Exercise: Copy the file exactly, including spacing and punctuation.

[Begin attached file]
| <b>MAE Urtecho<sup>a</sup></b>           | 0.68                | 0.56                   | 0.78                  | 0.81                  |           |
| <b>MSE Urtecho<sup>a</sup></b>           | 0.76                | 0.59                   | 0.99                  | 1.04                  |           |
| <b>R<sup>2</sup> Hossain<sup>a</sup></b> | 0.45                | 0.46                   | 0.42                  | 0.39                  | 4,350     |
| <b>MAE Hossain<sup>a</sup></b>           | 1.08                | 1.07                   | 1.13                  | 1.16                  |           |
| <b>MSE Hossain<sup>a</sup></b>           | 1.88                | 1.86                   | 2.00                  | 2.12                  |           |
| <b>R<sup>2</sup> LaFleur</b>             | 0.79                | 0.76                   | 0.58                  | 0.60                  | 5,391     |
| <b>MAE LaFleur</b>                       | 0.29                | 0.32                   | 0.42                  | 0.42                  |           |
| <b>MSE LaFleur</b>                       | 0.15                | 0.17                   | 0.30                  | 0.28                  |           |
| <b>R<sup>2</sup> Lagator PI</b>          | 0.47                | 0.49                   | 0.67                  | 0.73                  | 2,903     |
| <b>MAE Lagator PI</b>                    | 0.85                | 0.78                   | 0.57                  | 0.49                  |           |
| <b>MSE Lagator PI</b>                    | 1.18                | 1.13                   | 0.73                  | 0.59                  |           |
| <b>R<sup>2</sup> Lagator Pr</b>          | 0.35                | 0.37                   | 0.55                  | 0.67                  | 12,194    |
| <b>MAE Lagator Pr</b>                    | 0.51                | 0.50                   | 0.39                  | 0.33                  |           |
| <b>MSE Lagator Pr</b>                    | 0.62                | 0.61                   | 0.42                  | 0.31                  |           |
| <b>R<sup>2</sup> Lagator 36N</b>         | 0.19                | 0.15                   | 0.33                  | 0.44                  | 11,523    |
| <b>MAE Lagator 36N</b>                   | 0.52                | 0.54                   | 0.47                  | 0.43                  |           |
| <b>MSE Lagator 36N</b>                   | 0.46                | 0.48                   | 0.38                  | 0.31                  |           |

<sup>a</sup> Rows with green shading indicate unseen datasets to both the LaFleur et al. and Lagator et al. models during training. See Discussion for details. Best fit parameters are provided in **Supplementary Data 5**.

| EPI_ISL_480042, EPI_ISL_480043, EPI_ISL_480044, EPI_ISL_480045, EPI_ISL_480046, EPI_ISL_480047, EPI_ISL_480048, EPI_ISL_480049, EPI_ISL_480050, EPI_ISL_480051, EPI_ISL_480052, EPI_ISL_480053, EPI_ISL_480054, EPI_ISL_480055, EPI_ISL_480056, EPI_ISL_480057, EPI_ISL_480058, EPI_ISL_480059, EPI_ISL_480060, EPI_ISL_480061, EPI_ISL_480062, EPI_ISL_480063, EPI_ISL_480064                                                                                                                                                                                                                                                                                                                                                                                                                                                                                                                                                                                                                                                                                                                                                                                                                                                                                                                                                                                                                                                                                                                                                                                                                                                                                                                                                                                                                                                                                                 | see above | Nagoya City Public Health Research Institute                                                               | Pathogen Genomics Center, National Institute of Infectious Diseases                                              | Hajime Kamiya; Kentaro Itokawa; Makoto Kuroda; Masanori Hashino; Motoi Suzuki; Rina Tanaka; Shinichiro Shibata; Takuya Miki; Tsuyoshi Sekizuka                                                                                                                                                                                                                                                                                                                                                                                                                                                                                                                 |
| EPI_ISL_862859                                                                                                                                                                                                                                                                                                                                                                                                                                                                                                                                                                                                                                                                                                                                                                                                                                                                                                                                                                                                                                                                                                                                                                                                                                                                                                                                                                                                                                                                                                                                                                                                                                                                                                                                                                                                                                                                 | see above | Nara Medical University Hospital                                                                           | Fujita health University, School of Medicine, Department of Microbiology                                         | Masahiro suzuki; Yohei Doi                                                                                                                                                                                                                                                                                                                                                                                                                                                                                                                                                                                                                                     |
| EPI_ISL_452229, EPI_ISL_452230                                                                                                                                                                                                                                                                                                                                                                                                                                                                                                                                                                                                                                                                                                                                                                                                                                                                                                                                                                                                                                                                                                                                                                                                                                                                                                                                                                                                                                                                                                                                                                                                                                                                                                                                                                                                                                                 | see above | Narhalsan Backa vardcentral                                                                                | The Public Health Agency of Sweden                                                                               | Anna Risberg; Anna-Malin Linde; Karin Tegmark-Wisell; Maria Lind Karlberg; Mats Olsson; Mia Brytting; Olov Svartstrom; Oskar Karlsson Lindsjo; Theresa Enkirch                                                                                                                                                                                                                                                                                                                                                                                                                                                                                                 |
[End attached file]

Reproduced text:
| <b>MAE Urtecho<sup>a</sup></b>           | 0.68                | 0.56                   | 0.78                  | 0.81                  |           |
| <b>MSE Urtecho<sup>a</sup></b>           | 0.76                | 0.59                   | 0.99                  | 1.04                  |           |
| <b>R<sup>2</sup> Hossain<sup>a</sup></b> | 0.45                | 0.46                   | 0.42                  | 0.39                  | 4,350     |
| <b>MAE Hossain<sup>a</sup></b>           | 1.08                | 1.07                   | 1.13                  | 1.16                  |           |
| <b>MSE Hossain<sup>a</sup></b>           | 1.88                | 1.86                   | 2.00                  | 2.12                  |           |
| <b>R<sup>2</sup> LaFleur</b>             | 0.79                | 0.76                   | 0.58                  | 0.60                  | 5,391     |
| <b>MAE LaFleur</b>                       | 0.29                | 0.32                   | 0.42                  | 0.42                  |           |
| <b>MSE LaFleur</b>                       | 0.15                | 0.17                   | 0.30                  | 0.28                  |           |
| <b>R<sup>2</sup> Lagator PI</b>          | 0.47                | 0.49                   | 0.67                  | 0.73                  | 2,903     |
| <b>MAE Lagator PI</b>                    | 0.85                | 0.78                   | 0.57                  | 0.49                  |           |
| <b>MSE Lagator PI</b>                    | 1.18                | 1.13                   | 0.73                  | 0.59                  |           |
| <b>R<sup>2</sup> Lagator Pr</b>          | 0.35                | 0.37                   | 0.55                  | 0.67                  | 12,194    |
| <b>MAE Lagator Pr</b>                    | 0.51                | 0.50                   | 0.39                  | 0.33                  |           |
| <b>MSE Lagator Pr</b>                    | 0.62                | 0.61                   | 0.42                  | 0.31                  |           |
| <b>R<sup>2</sup> Lagator 36N</b>         | 0.19                | 0.15                   | 0.33                  | 0.44                  | 11,523    |
| <b>MAE Lagator 36N</b>                   | 0.52                | 0.54                   | 0.47                  | 0.43                  |           |
| <b>MSE Lagator 36N</b>                   | 0.46                | 0.48                   | 0.38                  | 0.31                  |           |

<sup>a</sup> Rows with green shading indicate unseen datasets to both the LaFleur et al. and Lagator et al. models during training. See Discussion for details. Best fit parameters are provided in **Supplementary Data 5**.

| EPI_ISL_480042, EPI_ISL_480043, EPI_ISL_480044, EPI_ISL_480045, EPI_ISL_480046, EPI_ISL_480047, EPI_ISL_480048, EPI_ISL_480049, EPI_ISL_480050, EPI_ISL_480051, EPI_ISL_480052, EPI_ISL_480053, EPI_ISL_480054, EPI_ISL_480055, EPI_ISL_480056, EPI_ISL_480057, EPI_ISL_480058, EPI_ISL_480059, EPI_ISL_480060, EPI_ISL_480061, EPI_ISL_480062, EPI_ISL_480063, EPI_ISL_480064                                                                                                                                                                                                                                                                                                                                                                                                                                                                                                                                                                                                                                                                                                                                                                                                                                                                                                                                                                                                                                                                                                                                                                                                                                                                                                                                                                                                                                                                                                 | see above | Nagoya City Public Health Research Institute                                                               | Pathogen Genomics Center, National Institute of Infectious Diseases                                              | Hajime Kamiya; Kentaro Itokawa; Makoto Kuroda; Masanori Hashino; Motoi Suzuki; Rina Tanaka; Shinichiro Shibata; Takuya Miki; Tsuyoshi Sekizuka                                                                                                                                                                                                                                                                                                                                                                                                                                                                                                                 |
| EPI_ISL_862859                                                                                                                                                                                                                                                                                                                                                                                                                                                                                                                                                                                                                                                                                                                                                                                                                                                                                                                                                                                                                                                                                                                                                                                                                                                                                                                                                                                                                                                                                                                                                                                                                                                                                                                                                                                                                                                                 | see above | Nara Medical University Hospital                                                                           | Fujita health University, School of Medicine, Department of Microbiology                                         | Masahiro suzuki; Yohei Doi                                                                                                                                                                                                                                                                                                                                                                                                                                                                                                                                                                                                                                     |
| EPI_ISL_452229, EPI_ISL_452230                                                                                                                                                                                                                                                                                                                                                                                                                                                                                                                                                                                                                                                                                                                                                                                                                                                                                                                                                                                                                                                                                                                                                                                                                                                                                                                                                                                                                                                                                                                                                                                                                                                                                                                                                                                                                                                 | see above | Narhalsan Backa vardcentral                                                                                | The Public Health Agency of Sweden                                                                               | Anna Risberg; Anna-Malin Linde; Karin Tegmark-Wisell; Maria Lind Karlberg; Mats Olsson; Mia Brytting; Olov Svartstrom; Oskar Karlsson Lindsjo; Theresa Enkirch                                                                                                                                                                                                                                                                                                                                                                                                                                                                                                 |